Asian America Daily - in under 5 minutes What's happening in Asian America? Get a daily email to stay informed, educated, and entertained.
Young South Koreans have been increasingly evading the clutches of religious institutions, a recent survey finds.
According to the government-run Statistics Korea, 46% of South Koreans, in general, identified as having no religion in 2014. The following year, the figure rose to a solid 56%.
Meanwhile, only 31% of citizens in their 20s identified as being religious in 2015 down from 46% a decade earlier, as per research company Gallup Korea.
What then, seems to lure South Korea youngsters away from religion? Experts, for one, argue that the country’s notorious education system and hypercompetitive job market are to blame.
“Young people nowadays are caught in this long cycle of studying hard to get into university, then having to get a good job. They also have technology and many options for leisure activities,” Andrew Eungi Kim, a professor at Korea University, told Al Jazeera. “All these things have brought young people away from churches.”
With rising unemployment in the country, young adults are also realizing that religions cannot bring food straight to the table. Reverend Nak-hyon Joseph Joo, vice dean at a church called Seoul Anglican Cathedral, acknowledged, “We can’t offer practical assistance when it comes to jobs or financial hardships. All we can do is provide emotional consolation and try to encourage harmony.”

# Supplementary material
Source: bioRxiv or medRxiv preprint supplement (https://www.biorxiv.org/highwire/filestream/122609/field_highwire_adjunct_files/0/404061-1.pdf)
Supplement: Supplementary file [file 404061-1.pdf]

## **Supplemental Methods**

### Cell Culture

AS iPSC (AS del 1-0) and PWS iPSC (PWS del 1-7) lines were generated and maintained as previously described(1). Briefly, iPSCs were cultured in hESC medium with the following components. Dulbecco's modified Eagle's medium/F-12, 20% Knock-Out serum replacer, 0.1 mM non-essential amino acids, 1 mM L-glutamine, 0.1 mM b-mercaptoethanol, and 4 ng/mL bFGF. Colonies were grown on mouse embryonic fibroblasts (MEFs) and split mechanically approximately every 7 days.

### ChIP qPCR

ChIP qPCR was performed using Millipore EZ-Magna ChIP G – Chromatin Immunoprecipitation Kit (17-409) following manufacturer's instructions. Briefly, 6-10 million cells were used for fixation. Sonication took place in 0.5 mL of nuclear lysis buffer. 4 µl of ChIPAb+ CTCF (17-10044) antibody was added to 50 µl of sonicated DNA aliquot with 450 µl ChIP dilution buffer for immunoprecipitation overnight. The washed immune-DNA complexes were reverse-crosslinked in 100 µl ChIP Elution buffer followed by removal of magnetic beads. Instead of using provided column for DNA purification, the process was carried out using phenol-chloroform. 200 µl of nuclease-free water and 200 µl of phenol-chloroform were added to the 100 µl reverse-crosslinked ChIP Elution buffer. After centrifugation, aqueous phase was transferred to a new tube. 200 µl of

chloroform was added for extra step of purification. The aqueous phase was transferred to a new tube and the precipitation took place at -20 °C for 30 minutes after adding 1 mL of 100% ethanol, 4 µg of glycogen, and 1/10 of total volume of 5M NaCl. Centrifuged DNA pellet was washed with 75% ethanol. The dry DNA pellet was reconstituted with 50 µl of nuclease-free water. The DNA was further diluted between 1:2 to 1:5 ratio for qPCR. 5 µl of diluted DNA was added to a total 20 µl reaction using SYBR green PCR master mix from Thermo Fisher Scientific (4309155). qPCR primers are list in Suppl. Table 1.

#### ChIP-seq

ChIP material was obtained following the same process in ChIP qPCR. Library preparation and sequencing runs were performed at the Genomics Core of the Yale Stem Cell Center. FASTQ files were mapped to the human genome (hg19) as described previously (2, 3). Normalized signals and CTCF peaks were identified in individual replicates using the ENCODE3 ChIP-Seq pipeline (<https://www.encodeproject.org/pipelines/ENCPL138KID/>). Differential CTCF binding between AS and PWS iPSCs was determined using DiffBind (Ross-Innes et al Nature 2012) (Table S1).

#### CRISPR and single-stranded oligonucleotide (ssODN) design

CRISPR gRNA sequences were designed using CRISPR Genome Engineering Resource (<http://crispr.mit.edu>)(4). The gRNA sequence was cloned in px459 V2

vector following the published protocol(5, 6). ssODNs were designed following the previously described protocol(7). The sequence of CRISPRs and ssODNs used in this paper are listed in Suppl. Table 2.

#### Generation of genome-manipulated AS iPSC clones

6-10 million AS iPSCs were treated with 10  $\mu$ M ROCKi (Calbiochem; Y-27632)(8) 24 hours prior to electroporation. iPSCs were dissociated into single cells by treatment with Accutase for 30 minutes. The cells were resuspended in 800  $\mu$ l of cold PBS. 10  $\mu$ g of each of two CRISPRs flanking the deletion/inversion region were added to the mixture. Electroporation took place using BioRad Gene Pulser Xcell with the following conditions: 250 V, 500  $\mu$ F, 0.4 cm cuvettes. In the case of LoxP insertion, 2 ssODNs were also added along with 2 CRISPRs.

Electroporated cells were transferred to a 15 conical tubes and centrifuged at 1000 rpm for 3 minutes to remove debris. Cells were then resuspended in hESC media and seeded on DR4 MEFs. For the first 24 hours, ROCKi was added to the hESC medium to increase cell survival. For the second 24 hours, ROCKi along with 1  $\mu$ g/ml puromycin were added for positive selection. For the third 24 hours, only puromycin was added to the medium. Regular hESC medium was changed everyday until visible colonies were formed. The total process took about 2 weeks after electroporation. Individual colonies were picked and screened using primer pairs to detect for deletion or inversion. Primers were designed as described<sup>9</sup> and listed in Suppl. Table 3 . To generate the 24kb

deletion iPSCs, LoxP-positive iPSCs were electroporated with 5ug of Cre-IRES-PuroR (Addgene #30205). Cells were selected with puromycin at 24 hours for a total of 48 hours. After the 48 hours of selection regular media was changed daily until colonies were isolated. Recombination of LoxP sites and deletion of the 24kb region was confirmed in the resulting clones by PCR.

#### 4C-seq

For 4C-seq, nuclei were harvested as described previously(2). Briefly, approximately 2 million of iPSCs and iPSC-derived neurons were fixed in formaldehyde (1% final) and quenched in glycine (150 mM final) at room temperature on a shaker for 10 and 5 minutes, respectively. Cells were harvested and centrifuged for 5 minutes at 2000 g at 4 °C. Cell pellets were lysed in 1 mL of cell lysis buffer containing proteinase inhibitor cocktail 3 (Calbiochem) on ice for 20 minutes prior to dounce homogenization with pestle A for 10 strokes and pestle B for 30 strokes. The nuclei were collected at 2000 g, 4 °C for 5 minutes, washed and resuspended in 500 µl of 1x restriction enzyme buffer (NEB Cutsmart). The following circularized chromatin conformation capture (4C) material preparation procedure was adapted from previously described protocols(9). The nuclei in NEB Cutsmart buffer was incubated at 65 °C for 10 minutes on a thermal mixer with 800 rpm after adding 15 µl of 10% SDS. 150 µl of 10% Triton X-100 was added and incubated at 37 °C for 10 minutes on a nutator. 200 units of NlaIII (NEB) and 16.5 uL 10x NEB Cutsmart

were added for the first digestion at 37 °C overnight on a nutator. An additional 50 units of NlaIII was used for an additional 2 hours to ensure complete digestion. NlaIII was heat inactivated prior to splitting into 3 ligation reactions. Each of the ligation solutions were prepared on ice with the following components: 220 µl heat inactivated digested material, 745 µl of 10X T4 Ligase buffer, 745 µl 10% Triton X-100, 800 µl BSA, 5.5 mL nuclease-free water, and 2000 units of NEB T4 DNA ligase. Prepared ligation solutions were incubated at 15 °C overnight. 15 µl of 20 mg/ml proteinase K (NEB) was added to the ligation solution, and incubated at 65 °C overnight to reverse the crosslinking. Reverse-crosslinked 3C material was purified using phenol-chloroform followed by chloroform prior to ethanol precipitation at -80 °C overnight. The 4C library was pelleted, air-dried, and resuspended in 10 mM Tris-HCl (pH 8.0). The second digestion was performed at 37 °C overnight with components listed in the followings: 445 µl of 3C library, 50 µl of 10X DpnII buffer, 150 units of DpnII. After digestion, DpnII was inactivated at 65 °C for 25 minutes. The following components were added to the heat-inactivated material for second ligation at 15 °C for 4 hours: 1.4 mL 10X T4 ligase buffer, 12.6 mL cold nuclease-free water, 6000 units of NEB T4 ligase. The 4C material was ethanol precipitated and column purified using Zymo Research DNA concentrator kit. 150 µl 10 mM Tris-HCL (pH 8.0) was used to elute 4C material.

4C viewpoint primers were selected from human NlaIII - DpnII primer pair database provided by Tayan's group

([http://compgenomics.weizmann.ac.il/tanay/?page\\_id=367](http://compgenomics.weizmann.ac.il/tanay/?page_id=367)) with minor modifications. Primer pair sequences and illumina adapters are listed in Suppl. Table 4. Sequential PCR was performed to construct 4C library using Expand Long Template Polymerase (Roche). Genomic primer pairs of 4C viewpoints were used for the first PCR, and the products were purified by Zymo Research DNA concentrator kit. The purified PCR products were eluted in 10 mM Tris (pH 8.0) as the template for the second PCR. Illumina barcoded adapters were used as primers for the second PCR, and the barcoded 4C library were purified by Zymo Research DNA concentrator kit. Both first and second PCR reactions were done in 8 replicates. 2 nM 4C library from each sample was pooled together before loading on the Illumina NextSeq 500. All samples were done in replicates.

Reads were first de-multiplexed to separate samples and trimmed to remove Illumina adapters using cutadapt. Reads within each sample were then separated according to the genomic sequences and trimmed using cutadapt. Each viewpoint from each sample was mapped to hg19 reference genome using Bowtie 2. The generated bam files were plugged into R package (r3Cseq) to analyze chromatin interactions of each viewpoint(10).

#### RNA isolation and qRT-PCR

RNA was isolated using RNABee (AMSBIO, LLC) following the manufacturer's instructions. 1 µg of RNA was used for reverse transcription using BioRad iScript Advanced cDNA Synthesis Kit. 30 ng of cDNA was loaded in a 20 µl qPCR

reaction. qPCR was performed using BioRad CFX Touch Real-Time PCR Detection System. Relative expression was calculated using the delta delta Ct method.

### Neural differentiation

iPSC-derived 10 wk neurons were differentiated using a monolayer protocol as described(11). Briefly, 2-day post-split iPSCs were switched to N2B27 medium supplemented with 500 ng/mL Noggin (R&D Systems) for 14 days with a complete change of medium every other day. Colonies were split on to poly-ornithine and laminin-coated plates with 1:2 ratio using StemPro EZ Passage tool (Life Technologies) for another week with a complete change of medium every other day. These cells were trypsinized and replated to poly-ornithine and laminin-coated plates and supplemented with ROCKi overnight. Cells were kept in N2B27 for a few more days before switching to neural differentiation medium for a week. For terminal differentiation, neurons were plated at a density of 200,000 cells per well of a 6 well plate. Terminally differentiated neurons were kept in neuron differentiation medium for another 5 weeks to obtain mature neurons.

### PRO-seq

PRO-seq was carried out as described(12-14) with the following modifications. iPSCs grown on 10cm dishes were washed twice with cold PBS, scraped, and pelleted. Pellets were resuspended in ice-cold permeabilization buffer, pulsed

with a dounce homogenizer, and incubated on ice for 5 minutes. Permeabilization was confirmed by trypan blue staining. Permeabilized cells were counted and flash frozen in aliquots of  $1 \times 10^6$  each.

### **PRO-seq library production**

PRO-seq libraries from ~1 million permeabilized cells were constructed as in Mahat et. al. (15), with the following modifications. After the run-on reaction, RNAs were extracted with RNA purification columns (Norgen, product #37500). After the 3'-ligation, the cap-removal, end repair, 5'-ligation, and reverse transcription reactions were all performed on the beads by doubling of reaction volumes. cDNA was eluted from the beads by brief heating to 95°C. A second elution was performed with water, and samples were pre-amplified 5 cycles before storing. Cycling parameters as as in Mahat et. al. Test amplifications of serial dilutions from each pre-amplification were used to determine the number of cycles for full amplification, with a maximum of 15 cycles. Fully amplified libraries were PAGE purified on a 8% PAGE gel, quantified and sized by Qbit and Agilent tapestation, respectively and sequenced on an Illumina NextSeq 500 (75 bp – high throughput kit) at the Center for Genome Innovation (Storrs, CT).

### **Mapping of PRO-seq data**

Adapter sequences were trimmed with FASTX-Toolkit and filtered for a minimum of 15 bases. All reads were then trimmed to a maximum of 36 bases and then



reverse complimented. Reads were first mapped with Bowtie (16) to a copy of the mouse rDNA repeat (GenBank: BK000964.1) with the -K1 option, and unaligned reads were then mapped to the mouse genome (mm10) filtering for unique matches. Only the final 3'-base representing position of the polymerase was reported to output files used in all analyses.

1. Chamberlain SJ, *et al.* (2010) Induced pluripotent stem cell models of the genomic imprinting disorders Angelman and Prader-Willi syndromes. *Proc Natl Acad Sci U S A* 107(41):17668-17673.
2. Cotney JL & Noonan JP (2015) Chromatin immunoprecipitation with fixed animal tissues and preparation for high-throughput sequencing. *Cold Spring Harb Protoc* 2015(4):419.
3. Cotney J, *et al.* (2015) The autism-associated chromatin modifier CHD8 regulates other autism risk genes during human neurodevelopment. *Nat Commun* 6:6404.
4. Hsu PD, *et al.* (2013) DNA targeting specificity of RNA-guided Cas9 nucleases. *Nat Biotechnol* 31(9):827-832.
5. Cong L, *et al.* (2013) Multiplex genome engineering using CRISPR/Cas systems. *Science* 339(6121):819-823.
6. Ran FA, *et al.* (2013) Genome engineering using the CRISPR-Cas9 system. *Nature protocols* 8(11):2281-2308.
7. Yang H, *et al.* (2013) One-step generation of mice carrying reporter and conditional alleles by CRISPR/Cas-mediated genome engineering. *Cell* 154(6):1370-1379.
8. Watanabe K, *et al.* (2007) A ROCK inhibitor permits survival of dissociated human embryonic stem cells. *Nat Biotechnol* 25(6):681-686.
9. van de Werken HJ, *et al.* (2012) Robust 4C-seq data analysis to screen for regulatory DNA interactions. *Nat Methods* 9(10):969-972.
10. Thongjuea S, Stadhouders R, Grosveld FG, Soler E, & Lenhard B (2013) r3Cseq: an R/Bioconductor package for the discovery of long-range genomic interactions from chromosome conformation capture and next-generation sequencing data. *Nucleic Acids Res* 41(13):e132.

In an effort to win the cohort, several churches are incorporating technology and redesigning their appearances as less hierarchical. The former strategy ties in with popular assumptions that smartphones are to blame for rising secularism. Some churches have even succumbed to the norm; SaRang Church, for instance, developed an app with a searchable Bible feature.
Approaching from a less hierarchical look may be about culling attendees to informal settings, like what Joo does. He organizes a monthly gathering at a coffee shop, where everyone is welcome to discuss beyond theology — whether personal, political and social issues.
Luckily, there are those who come at will. Kim Hyun-ah, a 27-year-old who put off a job search to attend a service at Seoul Anglican Cathedral, said, “I just come here because it’s an open-minded church. I like the atmosphere.”
Still, Kim knows her priority: “It’s good to come here sometimes, but finding a job is my real occupation. And going to church won’t help me with that.”
At this point, it appears South Korean churches will need to ramp up their efforts to attract young people, but such a task is incredibly difficult to accomplish, and local religious bodies can only agree.